Theatre is collaboration, or should be. I am obviously not a professional playwright at the moment-I don’t make money from this. Those that do have the legal power to insist on total control over how their scripts are performed all over the country, right down to the nature of what costumes their characters can and cannot wear. Should I ever writer a stage play that is sold somewhere, I hope to not be that possessive of my material. Yes, I still expect a good faith adherence to what I actually wrote, whether that be something like last night, or something on Broadway. But if I can’t let go enough to let actors and directors make some choices about my work, I don’t have business writing plays.
Total control over how things unfold is why I write novels. Even then, as any author will tell you, an author’s control is still sometimes tenuous over the material. And it amounts to zero once we talk about the imagination of readers.
So though I didn’t do a lot on performance day, it was still an exhausting and rewarding day. If I ever do this again, I probably won’t come in in the morning for the whole rehearsal process, but I’m glad I did yesterday. I hope the play is performed again somewhere, someday.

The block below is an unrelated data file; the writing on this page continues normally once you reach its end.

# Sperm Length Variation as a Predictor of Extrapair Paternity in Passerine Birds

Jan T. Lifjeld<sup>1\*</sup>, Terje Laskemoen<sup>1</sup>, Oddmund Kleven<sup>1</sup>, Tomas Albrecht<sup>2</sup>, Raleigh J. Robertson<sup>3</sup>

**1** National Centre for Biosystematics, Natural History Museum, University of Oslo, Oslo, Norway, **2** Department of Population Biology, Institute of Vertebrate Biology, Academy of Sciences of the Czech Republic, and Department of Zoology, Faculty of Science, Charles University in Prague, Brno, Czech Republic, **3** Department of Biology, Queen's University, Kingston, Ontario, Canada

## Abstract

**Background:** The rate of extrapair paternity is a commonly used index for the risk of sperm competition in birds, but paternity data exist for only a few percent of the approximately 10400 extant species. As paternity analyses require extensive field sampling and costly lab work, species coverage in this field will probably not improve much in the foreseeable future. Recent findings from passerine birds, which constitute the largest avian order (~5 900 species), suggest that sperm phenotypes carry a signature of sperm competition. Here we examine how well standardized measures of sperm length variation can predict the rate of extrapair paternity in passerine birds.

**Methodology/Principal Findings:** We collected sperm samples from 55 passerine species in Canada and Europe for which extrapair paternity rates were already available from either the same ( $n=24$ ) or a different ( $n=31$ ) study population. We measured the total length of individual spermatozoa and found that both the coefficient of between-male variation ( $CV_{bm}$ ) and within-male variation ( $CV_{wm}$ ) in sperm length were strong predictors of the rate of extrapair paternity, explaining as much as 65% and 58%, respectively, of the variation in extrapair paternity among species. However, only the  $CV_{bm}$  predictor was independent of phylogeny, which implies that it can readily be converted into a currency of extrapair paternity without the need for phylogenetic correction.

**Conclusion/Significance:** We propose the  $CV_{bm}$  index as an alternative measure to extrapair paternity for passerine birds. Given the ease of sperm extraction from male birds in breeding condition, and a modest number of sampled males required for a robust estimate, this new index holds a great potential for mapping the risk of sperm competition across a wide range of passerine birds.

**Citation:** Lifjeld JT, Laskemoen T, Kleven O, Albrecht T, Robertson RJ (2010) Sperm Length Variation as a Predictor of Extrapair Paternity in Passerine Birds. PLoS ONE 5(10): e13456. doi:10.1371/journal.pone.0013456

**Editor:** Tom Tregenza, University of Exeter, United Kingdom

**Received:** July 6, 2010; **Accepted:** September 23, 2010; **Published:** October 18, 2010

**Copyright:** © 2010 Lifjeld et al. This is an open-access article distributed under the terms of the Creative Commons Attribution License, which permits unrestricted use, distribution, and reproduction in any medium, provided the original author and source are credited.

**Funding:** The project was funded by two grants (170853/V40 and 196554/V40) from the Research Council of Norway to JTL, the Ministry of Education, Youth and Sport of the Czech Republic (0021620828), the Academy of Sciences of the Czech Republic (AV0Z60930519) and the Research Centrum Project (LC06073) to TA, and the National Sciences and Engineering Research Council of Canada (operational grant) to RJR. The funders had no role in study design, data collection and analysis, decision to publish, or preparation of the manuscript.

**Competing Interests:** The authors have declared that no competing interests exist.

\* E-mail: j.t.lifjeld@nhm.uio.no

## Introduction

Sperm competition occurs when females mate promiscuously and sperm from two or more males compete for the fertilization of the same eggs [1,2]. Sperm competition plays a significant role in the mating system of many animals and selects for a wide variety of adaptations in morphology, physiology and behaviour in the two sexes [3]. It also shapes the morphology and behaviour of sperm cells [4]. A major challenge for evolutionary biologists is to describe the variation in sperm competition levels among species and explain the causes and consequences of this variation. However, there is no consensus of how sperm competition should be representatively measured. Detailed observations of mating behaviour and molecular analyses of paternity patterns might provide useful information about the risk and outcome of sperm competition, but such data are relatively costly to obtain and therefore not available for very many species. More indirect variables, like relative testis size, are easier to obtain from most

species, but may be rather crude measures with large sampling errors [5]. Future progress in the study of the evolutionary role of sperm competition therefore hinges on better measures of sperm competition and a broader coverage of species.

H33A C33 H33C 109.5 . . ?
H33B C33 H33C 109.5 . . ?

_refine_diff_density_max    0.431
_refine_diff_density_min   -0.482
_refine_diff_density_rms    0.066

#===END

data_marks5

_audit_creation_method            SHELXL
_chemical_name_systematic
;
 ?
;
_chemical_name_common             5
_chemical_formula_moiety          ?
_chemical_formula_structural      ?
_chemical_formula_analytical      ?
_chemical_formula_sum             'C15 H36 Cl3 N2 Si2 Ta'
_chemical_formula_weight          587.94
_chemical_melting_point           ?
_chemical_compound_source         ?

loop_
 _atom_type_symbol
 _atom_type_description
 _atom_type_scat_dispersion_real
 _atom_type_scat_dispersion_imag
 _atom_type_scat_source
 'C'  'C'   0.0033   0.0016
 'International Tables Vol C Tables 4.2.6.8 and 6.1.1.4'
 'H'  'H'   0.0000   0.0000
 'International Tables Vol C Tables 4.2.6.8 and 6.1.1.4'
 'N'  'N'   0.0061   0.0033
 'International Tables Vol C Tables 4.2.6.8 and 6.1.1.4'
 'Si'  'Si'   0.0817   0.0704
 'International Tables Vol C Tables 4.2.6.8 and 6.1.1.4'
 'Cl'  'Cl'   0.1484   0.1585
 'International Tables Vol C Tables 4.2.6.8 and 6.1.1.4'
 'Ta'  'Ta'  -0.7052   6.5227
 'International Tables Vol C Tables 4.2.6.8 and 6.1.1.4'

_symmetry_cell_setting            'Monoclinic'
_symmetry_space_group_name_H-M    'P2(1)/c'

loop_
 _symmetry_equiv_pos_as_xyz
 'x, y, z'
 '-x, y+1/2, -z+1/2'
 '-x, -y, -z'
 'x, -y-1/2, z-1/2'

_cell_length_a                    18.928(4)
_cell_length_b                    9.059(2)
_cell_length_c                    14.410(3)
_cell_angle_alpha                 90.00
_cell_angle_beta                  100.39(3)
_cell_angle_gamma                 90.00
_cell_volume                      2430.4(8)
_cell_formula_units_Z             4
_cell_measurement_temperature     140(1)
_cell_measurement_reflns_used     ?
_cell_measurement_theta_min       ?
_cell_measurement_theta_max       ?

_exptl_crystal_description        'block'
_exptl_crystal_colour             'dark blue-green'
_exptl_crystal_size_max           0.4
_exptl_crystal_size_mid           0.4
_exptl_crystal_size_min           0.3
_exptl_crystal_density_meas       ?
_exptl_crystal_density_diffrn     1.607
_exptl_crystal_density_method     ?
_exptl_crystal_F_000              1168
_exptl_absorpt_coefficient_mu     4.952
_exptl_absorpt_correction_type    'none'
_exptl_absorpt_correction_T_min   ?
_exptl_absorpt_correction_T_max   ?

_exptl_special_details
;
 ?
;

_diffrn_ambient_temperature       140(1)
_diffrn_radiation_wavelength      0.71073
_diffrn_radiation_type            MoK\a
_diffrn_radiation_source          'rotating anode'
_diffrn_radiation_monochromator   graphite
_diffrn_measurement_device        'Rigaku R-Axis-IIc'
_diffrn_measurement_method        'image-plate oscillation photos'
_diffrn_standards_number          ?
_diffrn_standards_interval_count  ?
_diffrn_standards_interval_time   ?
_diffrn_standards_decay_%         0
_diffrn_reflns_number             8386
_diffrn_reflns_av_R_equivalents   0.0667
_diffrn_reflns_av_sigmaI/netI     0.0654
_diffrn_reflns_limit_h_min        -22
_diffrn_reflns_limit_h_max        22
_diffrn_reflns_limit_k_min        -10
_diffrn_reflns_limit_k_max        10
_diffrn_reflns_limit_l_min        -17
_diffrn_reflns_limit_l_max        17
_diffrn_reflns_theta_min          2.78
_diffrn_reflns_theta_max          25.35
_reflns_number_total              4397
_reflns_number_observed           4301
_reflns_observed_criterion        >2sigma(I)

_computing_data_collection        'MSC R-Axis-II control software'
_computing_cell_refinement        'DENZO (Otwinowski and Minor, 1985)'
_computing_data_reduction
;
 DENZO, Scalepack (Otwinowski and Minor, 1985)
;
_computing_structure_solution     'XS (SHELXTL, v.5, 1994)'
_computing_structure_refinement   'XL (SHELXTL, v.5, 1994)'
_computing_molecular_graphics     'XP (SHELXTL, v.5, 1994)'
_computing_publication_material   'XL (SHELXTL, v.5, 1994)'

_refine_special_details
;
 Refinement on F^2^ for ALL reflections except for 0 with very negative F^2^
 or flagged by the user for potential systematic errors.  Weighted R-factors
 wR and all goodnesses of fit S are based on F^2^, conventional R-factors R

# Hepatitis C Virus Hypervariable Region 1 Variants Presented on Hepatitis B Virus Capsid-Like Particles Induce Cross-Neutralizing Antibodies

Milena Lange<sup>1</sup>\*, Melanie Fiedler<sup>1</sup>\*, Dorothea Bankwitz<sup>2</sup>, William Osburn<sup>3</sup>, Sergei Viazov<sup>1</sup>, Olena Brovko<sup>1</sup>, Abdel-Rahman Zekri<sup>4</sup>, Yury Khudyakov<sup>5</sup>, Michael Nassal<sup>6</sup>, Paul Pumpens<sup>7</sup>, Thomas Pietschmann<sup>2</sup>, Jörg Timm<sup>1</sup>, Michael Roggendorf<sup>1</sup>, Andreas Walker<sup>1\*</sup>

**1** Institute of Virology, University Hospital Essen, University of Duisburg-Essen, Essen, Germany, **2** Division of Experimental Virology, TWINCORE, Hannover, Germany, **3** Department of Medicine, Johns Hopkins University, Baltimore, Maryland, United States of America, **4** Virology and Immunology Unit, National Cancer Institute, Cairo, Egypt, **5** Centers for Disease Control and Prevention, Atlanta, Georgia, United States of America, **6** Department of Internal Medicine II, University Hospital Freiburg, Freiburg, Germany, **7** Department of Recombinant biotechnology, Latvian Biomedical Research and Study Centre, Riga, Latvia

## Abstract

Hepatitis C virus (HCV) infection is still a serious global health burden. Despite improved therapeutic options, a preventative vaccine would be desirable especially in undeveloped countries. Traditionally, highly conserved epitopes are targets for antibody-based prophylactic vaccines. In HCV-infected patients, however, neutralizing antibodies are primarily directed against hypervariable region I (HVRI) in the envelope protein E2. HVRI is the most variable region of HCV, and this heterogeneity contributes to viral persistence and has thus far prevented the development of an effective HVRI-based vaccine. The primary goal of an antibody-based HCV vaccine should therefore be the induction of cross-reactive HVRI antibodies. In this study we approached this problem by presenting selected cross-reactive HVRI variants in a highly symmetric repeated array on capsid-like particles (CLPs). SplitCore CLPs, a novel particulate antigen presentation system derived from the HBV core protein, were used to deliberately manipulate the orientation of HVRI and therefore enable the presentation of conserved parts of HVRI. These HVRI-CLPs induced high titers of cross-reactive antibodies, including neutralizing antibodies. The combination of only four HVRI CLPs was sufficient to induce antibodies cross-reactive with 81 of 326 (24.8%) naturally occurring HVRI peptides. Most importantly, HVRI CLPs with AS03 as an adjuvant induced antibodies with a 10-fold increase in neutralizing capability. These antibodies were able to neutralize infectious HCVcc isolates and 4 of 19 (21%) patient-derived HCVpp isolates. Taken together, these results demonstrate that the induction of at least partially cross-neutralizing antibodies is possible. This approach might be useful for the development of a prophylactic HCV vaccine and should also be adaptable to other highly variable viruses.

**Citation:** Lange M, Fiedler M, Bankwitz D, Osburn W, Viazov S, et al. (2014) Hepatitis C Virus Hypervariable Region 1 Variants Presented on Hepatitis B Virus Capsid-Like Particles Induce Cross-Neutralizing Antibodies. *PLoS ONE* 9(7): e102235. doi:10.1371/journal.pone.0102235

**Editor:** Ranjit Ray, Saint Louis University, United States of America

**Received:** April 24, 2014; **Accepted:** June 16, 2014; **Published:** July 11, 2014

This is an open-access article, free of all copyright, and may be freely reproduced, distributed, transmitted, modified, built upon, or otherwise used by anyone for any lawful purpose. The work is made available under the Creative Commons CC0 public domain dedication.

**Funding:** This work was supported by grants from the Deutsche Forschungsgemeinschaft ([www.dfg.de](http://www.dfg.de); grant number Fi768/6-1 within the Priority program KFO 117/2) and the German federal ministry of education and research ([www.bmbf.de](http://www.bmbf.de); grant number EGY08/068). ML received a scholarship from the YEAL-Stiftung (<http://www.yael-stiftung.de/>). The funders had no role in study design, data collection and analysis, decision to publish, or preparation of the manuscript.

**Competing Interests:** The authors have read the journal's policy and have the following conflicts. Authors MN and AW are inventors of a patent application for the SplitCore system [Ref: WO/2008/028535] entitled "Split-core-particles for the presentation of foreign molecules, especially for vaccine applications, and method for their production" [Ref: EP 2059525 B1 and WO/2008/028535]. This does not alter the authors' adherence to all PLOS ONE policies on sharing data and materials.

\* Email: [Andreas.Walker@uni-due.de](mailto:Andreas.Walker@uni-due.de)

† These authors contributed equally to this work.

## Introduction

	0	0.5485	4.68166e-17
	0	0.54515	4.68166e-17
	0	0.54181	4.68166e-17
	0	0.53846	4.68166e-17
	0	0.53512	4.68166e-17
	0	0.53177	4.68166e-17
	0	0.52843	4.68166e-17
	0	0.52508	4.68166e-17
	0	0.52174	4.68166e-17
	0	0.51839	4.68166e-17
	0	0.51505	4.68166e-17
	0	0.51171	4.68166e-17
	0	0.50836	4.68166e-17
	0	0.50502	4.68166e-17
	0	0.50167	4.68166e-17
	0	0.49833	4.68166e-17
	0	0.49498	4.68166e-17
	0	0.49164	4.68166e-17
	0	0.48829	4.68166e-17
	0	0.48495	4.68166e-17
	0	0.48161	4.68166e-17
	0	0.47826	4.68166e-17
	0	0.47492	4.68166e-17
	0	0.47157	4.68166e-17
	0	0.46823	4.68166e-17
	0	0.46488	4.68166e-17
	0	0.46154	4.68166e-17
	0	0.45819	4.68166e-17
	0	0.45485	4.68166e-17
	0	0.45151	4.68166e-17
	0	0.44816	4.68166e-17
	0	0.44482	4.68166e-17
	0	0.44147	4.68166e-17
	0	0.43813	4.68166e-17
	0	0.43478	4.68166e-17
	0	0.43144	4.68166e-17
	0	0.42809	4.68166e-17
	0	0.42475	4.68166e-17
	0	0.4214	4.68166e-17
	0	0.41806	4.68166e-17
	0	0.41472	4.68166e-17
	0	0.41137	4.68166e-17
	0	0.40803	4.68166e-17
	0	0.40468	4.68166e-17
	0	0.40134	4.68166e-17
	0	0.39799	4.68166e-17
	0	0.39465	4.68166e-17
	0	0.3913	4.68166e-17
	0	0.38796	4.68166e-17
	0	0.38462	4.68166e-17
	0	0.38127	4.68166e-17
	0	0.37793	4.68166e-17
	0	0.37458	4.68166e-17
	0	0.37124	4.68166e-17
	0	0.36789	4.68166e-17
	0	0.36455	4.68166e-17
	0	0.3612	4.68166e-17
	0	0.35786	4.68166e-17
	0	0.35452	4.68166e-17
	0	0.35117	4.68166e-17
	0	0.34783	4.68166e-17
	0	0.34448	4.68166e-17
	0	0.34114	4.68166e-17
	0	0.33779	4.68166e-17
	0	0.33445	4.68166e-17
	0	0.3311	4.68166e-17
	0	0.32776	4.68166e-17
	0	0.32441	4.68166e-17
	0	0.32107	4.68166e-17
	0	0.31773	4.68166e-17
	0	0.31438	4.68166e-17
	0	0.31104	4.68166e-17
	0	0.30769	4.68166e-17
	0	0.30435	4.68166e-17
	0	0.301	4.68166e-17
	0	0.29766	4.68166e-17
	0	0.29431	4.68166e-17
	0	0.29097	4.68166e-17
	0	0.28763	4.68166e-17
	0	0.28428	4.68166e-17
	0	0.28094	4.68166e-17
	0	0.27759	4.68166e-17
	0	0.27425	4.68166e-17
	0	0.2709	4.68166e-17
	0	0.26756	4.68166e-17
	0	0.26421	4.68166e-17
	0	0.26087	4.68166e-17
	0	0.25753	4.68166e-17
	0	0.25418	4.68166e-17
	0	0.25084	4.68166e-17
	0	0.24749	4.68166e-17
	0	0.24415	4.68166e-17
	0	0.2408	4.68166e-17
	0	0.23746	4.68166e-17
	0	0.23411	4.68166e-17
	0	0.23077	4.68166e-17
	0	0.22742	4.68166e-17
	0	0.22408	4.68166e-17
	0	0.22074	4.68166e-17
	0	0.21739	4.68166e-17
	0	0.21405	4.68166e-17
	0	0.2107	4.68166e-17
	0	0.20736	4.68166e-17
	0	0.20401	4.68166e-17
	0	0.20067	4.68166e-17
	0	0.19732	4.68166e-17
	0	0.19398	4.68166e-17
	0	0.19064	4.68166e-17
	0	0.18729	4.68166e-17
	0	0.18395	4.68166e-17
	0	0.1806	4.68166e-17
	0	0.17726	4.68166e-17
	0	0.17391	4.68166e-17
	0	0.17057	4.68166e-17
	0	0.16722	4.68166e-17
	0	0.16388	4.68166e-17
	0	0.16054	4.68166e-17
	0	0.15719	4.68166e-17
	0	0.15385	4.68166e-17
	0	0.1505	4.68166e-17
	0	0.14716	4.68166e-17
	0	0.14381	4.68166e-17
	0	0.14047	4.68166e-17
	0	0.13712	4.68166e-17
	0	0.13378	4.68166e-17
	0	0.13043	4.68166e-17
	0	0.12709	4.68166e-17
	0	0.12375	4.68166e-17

Public, though discreet thanks to the director and cast members of “Common Cold.” I am grateful for the outcome.
Last night, (and to an extent, just a few hours ago) I finished the script for the 24 hour play festival I talked about in my last post.
To begin with, turnout was lower and much younger than expected, so the talent pool was smaller than organizers had thought it might be. I too thought there would be a few more people. But that is what it is.
It became clear also that there would have to be a lot of room made for kids under 16 years old. I hadn’t planned for this to be as big an issue.
Still, I made it work. Once the three directors met after auditions and hashed out who would be playing in what play, (a process that went faster than any of us thought it would) it came to pass I had to write a script for four people, and two “kids” though in my case they are probably closer to teens than children.
Once the place cleared out, I set up my laptop in the men’s dressing room of the theatre, basically in the same spot I put my stuff when I am in a show there. I had a few very broad ideas in my head, but decided early on which to go with. And because I had gathered what kind of opening to a play would as I watched the actors audition, the start of the writing was fast going. Though I had to take a break and ponder a small issue in the narrative for 15 minutes or so, I was almost constantly writing the piece.